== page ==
Just like before, you come up with a PLAN…for starters you’ll need to educate the patient on why pain medication is important, and secondly you need to get some pain medication in her so she can take a deep breath, cough and open up those collapsed alveoli. So, you IMPLEMENT with some patient education…she agrees to take a “small dose” of morphine and you IMPLEMENT the second part of your plan as you administer the medication via IV.
1000: You let the morphine take effect, and move on to the last stage…EVALUATION. You measure the O2 saturation level…it’s 99% on the nasal cannula. You ask the patient her pain level, she states it is 4/10…a level she states she can tolerate AND cough/deep breathe. You have her splint her belly and cough a few times (which technically brings you back around to IMPLEMENTATION again) and listen to her lungs…her lung sounds are more pronounced in the bases and as you continue to EVALUATE the patient, you are able to wean down the oxygen until she’s back on room air and resting comfortably.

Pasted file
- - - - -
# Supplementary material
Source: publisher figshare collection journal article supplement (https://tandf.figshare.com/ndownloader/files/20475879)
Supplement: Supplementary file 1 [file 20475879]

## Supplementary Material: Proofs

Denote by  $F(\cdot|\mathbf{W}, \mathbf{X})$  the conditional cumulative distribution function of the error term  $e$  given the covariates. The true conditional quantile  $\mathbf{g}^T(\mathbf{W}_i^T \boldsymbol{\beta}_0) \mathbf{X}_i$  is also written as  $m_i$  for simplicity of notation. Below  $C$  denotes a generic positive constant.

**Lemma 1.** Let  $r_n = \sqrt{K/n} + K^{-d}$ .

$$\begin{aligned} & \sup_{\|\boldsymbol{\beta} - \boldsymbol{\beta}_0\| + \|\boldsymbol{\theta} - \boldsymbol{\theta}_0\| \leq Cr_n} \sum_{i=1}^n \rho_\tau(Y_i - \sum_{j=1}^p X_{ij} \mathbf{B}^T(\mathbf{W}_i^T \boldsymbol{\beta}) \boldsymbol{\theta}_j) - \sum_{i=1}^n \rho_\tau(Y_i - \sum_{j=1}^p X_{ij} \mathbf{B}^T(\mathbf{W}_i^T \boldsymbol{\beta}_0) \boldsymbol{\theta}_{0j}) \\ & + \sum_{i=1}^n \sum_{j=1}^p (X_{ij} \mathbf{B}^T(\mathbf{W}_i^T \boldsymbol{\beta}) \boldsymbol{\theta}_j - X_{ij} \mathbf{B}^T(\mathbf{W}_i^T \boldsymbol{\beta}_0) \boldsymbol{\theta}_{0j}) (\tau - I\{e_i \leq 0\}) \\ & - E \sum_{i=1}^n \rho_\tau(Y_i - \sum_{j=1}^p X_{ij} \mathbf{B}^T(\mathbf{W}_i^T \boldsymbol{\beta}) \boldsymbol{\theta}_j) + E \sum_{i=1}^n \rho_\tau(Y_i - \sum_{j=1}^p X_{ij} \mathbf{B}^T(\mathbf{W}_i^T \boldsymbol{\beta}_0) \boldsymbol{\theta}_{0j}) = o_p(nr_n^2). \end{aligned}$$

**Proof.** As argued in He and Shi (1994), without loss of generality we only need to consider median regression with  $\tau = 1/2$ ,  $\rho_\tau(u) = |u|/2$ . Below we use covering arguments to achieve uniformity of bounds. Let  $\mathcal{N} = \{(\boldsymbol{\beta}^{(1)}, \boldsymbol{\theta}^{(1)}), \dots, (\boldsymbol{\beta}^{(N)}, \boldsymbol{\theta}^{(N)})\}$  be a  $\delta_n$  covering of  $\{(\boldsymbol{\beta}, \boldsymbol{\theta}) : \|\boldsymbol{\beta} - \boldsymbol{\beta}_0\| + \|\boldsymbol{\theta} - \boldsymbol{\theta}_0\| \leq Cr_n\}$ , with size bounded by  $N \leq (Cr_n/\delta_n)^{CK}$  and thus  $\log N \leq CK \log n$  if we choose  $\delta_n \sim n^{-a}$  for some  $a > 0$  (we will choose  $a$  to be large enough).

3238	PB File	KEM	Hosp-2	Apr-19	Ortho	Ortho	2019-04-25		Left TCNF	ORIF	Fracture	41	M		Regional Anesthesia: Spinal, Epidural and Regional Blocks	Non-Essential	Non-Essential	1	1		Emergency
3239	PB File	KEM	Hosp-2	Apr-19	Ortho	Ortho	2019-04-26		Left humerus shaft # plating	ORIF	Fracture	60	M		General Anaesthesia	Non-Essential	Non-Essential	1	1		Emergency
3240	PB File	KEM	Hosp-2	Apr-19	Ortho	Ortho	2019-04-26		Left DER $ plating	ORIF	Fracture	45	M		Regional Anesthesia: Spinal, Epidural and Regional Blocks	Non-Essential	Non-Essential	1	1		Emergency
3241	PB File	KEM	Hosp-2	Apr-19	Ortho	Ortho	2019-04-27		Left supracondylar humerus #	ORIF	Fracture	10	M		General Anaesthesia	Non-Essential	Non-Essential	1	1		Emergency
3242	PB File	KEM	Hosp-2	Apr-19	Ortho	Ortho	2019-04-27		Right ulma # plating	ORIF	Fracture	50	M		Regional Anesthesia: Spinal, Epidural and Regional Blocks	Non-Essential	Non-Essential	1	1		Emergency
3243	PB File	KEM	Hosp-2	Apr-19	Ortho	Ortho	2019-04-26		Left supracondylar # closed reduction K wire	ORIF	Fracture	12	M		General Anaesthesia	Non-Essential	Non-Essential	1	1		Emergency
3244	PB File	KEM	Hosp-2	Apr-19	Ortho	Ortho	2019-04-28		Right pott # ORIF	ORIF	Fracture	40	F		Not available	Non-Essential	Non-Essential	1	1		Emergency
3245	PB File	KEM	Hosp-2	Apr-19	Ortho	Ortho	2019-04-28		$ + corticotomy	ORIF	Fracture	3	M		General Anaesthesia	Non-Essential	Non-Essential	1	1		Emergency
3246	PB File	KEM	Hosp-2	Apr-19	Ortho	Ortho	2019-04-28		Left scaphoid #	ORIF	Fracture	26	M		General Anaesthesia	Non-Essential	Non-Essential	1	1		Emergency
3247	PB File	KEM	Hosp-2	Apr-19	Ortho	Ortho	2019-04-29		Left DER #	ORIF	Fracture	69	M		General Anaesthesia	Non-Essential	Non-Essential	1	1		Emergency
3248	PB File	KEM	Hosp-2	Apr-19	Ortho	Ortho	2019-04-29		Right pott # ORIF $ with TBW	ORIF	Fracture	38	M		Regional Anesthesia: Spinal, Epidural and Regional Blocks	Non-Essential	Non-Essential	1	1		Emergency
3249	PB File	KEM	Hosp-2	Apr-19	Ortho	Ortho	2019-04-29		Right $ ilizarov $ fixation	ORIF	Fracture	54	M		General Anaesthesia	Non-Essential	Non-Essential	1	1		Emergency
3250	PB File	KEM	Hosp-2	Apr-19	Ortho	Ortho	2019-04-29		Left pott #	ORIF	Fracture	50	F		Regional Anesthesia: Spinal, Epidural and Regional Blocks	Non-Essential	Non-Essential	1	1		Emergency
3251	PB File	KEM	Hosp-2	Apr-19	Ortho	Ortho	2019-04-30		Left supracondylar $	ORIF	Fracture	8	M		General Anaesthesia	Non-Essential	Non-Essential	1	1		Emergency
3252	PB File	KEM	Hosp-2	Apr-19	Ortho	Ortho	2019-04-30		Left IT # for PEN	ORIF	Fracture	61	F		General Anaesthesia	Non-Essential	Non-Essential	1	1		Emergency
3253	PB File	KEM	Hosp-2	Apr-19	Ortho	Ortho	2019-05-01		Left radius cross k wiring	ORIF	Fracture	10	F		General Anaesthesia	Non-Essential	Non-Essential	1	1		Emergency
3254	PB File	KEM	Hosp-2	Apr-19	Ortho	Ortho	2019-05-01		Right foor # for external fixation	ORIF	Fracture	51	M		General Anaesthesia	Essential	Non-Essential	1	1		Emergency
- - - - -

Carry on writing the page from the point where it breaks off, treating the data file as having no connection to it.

1005: And, of course, you chart all of it! Now go have a croissant and put your feet up for your morning break 🙂
Now that you understand the basics of the nursing process, you should be able to start applying it in clinical AND when going through case studies or taking exams. You got this!
The information, including but not limited to, audio, video, text, and graphics contained on this website are for educational purposes only. No content on this website is intended to guide nursing practice and does not supersede any individual healthcare provider’s scope of practice or any nursing school curriculum. Additionally, no content on this website is intended to be a substitute for professional medical advice, diagnosis or treatment.